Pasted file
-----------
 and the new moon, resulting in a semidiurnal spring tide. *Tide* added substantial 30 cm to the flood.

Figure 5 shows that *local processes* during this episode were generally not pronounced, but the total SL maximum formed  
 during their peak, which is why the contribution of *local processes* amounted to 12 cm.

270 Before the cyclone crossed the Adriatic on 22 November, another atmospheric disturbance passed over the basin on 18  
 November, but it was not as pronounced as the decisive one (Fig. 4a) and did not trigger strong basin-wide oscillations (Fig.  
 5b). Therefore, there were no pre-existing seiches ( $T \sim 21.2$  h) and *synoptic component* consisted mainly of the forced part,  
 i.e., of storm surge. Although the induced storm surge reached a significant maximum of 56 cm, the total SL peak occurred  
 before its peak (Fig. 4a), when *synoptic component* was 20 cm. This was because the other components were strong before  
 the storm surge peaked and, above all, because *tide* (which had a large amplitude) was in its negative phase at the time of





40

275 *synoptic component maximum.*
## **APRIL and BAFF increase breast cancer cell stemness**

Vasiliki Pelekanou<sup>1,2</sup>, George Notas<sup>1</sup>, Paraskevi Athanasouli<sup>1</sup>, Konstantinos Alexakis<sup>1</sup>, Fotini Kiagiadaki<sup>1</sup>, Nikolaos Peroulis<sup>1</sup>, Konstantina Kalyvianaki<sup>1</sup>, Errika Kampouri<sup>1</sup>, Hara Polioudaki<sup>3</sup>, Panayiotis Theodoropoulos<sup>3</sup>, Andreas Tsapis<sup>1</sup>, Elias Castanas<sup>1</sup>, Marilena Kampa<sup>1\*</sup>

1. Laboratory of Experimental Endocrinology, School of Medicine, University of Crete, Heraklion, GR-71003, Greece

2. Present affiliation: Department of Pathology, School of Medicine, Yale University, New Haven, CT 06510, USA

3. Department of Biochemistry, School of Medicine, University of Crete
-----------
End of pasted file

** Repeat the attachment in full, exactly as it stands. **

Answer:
 and the new moon, resulting in a semidiurnal spring tide. *Tide* added substantial 30 cm to the flood.

Figure 5 shows that *local processes* during this episode were generally not pronounced, but the total SL maximum formed  
 during their peak, which is why the contribution of *local processes* amounted to 12 cm.

270 Before the cyclone crossed the Adriatic on 22 November, another atmospheric disturbance passed over the basin on 18  
 November, but it was not as pronounced as the decisive one (Fig. 4a) and did not trigger strong basin-wide oscillations (Fig.  
 5b). Therefore, there were no pre-existing seiches ( $T \sim 21.2$  h) and *synoptic component* consisted mainly of the forced part,  
 i.e., of storm surge. Although the induced storm surge reached a significant maximum of 56 cm, the total SL peak occurred  
 before its peak (Fig. 4a), when *synoptic component* was 20 cm. This was because the other components were strong before  
 the storm surge peaked and, above all, because *tide* (which had a large amplitude) was in its negative phase at the time of





40

275 *synoptic component maximum.*
## **APRIL and BAFF increase breast cancer cell stemness**

Vasiliki Pelekanou<sup>1,2</sup>, George Notas<sup>1</sup>, Paraskevi Athanasouli<sup>1</sup>, Konstantinos Alexakis<sup>1</sup>, Fotini Kiagiadaki<sup>1</sup>, Nikolaos Peroulis<sup>1</sup>, Konstantina Kalyvianaki<sup>1</sup>, Errika Kampouri<sup>1</sup>, Hara Polioudaki<sup>3</sup>, Panayiotis Theodoropoulos<sup>3</sup>, Andreas Tsapis<sup>1</sup>, Elias Castanas<sup>1</sup>, Marilena Kampa<sup>1\*</sup>

1. Laboratory of Experimental Endocrinology, School of Medicine, University of Crete, Heraklion, GR-71003, Greece

2. Present affiliation: Department of Pathology, School of Medicine, Yale University, New Haven, CT 06510, USA

3. Department of Biochemistry, School of Medicine, University of Crete